How orderly is your research desk?

cleandeskIf you can’t remember the last time you saw your desktop in your genealogy research space, perhaps it’s time to experience the joy of a clean desk. I know that time to do genealogy research is limited for most people and the last way  you want to spend your precious genealogy time is on cleaning up your desk. But it’s worth it. When you sit down at a clear desk, your mind is more clear and you can be more focused on your research.

But there’s good news: It doesn’t have to be hard or time consuming. Here’s a step-by-step suggestion for creating some order on your desk, swiftly.

  1. Set your timer for 25 minutes.*
  2. Clear everything off your desk (and I mean everything except, perhaps, your computer). Put like things together into rough categories as you go. (For example, put papers together in a pile on the floor near your desk; put office supplies together, etc.) It might helpful to have some bankers’ boxes or plastic totes handy to hold the categories, but the floor will do too.
  3. Put away the items that already have homes. For example, put binders and books where they belong. If something belongs in another room, put it in a box or bin that you’ve marked “Relocate to another room” so you don’t wander away from the room you’re working on. At the end of the session, you can put all that stuff away.
  4. Go through the non-paper items and put back on the desk those things that deserve to take up such prime real estate. Only those things you use every research session should be placed within arms’ reach when you’re sitting at your desk (with the possible exception of items that give you great pleasure to look at). Relocate or discard the other non-paper items that were on the desk.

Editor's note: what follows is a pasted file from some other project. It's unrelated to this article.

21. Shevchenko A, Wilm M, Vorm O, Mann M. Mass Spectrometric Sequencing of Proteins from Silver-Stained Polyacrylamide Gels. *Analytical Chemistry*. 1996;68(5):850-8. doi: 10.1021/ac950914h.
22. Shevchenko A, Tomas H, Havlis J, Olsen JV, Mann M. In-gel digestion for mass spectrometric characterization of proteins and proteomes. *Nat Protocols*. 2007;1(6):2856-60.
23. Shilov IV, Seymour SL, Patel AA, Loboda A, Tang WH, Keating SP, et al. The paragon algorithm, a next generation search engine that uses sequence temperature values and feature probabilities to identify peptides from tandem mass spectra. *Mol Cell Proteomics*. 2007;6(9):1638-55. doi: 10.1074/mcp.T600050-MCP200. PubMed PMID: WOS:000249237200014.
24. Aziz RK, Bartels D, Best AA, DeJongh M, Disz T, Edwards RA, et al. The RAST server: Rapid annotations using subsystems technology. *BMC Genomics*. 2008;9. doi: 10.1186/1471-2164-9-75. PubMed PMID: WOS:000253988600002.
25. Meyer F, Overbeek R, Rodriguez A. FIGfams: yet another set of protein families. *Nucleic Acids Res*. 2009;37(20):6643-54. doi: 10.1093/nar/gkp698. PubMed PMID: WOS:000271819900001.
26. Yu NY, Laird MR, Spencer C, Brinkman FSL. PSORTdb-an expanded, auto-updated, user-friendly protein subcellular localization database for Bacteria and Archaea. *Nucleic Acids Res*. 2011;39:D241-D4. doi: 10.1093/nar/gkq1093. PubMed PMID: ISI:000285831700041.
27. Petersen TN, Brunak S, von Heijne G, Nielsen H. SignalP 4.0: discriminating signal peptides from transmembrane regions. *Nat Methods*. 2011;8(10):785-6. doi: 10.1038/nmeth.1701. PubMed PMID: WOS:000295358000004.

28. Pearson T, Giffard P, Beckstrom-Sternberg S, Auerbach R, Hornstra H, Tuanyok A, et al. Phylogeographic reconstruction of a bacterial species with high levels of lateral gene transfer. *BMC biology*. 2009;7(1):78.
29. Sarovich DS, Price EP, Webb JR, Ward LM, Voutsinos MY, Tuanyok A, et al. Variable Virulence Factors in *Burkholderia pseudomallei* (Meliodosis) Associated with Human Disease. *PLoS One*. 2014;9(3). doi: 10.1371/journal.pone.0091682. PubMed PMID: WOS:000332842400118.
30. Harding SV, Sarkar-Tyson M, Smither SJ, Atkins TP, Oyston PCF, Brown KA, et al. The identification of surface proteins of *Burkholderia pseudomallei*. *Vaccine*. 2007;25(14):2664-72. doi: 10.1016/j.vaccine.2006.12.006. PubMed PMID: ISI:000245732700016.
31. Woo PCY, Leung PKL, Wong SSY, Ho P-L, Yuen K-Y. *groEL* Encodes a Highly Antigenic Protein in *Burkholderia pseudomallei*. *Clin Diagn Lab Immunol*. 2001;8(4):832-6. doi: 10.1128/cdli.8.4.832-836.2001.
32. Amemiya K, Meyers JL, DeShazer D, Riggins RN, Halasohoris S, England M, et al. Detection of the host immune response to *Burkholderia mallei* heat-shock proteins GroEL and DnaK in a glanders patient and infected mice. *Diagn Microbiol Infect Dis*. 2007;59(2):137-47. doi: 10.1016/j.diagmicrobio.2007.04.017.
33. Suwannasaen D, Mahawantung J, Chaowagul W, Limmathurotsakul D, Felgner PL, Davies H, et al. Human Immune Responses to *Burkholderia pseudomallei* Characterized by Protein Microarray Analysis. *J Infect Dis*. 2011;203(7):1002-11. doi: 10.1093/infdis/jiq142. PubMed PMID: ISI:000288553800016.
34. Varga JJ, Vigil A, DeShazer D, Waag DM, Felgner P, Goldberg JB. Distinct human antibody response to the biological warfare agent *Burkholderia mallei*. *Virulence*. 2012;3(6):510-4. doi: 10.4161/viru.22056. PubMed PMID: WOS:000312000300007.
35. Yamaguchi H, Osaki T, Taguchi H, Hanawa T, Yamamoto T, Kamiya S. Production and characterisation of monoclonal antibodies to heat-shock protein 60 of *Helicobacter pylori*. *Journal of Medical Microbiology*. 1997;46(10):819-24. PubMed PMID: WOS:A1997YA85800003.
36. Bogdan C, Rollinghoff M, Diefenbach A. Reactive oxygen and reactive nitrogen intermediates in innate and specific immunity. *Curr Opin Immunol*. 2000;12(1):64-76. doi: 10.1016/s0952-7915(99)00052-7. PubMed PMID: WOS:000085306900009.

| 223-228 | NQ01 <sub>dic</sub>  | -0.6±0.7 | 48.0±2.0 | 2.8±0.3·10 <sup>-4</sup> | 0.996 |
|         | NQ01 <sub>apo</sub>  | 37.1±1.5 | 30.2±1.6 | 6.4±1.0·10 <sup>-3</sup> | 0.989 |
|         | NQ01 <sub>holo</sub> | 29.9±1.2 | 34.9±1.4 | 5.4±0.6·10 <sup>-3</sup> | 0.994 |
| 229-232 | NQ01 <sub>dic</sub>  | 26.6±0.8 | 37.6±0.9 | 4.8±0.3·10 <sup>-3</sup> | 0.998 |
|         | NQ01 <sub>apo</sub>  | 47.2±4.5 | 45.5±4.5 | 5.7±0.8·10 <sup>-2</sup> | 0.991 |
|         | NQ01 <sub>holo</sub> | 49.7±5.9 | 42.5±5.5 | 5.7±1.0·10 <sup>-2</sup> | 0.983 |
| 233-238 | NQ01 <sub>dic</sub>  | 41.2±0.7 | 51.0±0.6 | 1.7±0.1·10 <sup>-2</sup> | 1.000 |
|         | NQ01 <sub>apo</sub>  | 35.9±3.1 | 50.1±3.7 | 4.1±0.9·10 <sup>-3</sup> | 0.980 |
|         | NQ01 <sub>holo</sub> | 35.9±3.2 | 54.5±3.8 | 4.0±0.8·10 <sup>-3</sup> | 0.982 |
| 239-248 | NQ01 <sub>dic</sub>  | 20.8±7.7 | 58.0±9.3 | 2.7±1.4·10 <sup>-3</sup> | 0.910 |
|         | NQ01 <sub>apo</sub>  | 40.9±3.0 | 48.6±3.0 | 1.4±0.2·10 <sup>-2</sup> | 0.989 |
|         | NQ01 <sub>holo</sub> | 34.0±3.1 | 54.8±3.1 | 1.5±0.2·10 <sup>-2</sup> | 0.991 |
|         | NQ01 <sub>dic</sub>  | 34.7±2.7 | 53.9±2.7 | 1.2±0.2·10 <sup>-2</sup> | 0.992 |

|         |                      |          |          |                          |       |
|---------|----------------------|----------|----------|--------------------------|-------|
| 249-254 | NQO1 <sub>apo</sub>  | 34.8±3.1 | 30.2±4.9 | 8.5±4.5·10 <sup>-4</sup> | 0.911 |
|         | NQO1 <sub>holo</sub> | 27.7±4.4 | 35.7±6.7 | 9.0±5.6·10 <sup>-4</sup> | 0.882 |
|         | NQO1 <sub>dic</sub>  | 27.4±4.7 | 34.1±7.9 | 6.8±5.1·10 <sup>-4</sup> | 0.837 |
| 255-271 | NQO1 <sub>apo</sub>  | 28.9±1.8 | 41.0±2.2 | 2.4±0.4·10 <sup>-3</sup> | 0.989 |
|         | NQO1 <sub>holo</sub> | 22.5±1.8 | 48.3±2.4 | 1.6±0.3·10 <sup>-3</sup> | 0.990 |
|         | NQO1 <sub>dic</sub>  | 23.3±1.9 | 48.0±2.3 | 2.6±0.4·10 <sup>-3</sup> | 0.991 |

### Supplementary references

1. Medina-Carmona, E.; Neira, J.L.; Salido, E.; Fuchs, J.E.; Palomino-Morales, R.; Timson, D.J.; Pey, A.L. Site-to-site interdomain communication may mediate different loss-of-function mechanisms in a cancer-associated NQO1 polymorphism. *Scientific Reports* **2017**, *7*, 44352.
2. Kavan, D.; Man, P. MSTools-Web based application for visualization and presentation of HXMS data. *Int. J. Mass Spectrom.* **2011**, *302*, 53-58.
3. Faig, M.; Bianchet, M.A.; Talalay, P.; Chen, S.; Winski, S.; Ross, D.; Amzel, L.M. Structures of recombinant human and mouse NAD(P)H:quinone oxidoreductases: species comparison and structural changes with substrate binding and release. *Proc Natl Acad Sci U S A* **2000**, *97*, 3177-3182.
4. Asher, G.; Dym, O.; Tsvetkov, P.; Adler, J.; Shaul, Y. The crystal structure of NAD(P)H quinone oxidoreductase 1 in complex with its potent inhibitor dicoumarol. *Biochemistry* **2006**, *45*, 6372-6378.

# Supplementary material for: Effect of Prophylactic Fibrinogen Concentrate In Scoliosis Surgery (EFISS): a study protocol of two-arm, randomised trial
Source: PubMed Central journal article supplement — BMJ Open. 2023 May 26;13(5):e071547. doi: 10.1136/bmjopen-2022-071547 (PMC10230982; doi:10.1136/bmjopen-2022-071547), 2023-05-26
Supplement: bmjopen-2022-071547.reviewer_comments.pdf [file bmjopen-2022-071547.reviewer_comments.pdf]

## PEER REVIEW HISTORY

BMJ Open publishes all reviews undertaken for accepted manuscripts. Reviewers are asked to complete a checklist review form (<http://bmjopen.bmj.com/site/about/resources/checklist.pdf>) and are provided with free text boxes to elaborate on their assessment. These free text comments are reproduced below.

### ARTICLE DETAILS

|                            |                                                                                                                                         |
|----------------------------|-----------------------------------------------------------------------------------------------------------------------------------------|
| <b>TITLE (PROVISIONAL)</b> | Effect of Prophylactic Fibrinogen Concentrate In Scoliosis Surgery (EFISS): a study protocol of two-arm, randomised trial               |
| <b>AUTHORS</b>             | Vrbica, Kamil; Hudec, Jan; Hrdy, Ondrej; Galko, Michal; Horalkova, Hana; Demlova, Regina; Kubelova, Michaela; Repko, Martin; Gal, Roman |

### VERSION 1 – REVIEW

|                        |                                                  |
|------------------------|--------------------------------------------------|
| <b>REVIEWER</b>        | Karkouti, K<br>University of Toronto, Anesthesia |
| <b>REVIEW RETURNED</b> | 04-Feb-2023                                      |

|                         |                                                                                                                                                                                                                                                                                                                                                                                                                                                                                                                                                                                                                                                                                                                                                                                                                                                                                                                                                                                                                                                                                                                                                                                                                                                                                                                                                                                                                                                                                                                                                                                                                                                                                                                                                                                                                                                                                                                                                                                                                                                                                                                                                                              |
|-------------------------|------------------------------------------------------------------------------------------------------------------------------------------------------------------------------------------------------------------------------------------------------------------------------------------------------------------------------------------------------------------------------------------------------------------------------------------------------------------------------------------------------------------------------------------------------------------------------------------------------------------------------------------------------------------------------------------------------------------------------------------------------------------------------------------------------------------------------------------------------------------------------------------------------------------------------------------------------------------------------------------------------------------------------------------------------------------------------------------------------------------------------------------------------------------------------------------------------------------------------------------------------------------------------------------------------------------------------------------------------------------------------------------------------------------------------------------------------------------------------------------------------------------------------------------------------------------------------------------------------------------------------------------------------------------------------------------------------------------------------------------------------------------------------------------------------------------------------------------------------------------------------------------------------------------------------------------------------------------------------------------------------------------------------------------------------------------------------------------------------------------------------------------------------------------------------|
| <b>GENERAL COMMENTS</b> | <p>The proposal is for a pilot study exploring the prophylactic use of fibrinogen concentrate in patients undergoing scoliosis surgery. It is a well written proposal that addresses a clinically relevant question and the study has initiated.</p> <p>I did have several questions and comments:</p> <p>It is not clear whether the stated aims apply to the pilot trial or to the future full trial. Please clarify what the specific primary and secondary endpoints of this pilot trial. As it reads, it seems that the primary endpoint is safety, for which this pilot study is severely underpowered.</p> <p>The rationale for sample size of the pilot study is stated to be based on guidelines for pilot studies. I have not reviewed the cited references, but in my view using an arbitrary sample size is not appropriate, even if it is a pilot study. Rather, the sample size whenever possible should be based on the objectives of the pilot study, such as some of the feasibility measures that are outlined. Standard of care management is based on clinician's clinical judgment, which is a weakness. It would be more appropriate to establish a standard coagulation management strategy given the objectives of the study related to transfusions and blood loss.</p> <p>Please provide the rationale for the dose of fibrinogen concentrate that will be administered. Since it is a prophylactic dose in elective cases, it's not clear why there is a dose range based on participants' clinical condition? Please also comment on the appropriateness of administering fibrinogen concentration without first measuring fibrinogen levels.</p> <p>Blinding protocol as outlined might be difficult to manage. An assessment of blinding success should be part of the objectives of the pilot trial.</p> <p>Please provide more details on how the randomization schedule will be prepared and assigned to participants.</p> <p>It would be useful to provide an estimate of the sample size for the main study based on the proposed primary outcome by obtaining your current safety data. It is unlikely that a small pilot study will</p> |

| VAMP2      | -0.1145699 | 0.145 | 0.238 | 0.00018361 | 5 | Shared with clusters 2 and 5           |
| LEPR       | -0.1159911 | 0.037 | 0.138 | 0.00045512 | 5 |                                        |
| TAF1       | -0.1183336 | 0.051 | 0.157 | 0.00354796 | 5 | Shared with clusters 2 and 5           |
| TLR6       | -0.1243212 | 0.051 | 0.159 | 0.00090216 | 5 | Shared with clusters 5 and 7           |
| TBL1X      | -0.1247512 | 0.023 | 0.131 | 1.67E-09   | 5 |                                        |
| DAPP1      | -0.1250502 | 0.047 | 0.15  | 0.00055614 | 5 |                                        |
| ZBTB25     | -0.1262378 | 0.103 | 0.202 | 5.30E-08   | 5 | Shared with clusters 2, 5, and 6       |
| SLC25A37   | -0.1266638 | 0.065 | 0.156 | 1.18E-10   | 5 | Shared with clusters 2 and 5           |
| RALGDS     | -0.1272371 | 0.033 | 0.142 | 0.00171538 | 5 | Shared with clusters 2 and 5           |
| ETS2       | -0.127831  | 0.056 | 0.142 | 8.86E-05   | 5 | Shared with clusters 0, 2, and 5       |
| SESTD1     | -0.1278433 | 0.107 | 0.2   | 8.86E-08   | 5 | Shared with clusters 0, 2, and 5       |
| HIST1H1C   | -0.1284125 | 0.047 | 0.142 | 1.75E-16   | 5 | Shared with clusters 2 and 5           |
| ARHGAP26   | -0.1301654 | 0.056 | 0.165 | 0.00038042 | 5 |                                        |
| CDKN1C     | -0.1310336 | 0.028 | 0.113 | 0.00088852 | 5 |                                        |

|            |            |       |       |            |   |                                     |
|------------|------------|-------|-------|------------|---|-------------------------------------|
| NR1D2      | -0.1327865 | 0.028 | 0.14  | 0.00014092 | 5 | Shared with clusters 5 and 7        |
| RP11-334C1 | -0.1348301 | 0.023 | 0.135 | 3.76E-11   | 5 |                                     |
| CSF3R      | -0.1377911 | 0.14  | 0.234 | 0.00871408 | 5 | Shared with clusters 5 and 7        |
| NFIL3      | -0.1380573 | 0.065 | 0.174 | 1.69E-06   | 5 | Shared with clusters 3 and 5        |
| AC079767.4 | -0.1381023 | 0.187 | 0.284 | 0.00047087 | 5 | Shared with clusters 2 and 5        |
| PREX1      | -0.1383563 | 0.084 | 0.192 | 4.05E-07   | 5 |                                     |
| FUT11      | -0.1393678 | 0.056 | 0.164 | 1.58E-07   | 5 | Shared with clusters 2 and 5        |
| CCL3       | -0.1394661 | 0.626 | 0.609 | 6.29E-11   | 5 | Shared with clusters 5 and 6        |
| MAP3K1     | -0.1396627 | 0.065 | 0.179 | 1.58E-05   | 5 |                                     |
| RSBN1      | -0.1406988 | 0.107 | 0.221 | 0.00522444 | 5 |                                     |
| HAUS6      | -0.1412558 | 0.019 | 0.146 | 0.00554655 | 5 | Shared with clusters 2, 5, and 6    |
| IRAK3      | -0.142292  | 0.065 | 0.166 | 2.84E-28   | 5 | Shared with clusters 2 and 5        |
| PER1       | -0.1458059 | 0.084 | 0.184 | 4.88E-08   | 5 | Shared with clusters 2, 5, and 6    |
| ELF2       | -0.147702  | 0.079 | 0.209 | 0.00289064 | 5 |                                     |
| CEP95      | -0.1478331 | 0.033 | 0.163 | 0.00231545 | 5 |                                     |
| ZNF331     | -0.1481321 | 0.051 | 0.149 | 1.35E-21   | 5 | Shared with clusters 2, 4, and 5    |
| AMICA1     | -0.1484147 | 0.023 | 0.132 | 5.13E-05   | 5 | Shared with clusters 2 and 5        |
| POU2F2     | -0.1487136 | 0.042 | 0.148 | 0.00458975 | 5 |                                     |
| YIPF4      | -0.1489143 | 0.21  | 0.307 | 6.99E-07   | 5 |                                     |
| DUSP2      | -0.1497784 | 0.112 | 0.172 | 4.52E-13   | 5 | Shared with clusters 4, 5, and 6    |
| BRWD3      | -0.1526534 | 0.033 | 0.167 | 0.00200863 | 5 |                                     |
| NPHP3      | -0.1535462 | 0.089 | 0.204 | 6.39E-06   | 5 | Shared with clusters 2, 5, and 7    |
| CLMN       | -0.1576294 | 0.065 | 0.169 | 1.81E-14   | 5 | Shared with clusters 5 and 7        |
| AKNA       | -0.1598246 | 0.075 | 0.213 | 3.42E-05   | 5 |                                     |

5. Take all those papers and put them in a box of some sort. Mark that box “Backlog.” (I use a box similar to this one from IKEA for that purpose and I place that box on a shelf.)
  6. Every time you’re at your desk, set a timer for ten minutes and go through the papers in the backlog, discarding, scanning and/or filing as required. Do this ten minutes a day for as long as it takes to eliminate the backlog. (You might be surprised how few of these short sessions it takes.)
  7. Don’t add to the backlog box. Instead, at the end of each research session take the time (probably less than five minutes) to clear off your desk and put everything away. That way, you’ll start each session fresh.

* When your timer goes off, stop what you’re doing and take a five-minute break. Then set it for another 25 minutes and get back to work, unless you’re done.

What Orderly Roots guides should I write next?

10 things I wish I'd known when I started doing genealogyThis week, I debuted my first two Orderly Roots guides, 10 Secrets to Organizing Your Genealogy Research and 10 Things I Wish I’d Know When I Started Doing Genealogy. I have come up with eight more topics, but I haven’t written them yet.

I’d love to have your input to help me decide in what order to write and publish them. So I created a little poll.

Please check the topics that interest you. (You’re not making a commitment to buy one!) You can check up to three boxes. If you’d like to see an Orderly Roots guide on a topic not in the list, feel free to enter that topic in the Other box.

Thank you!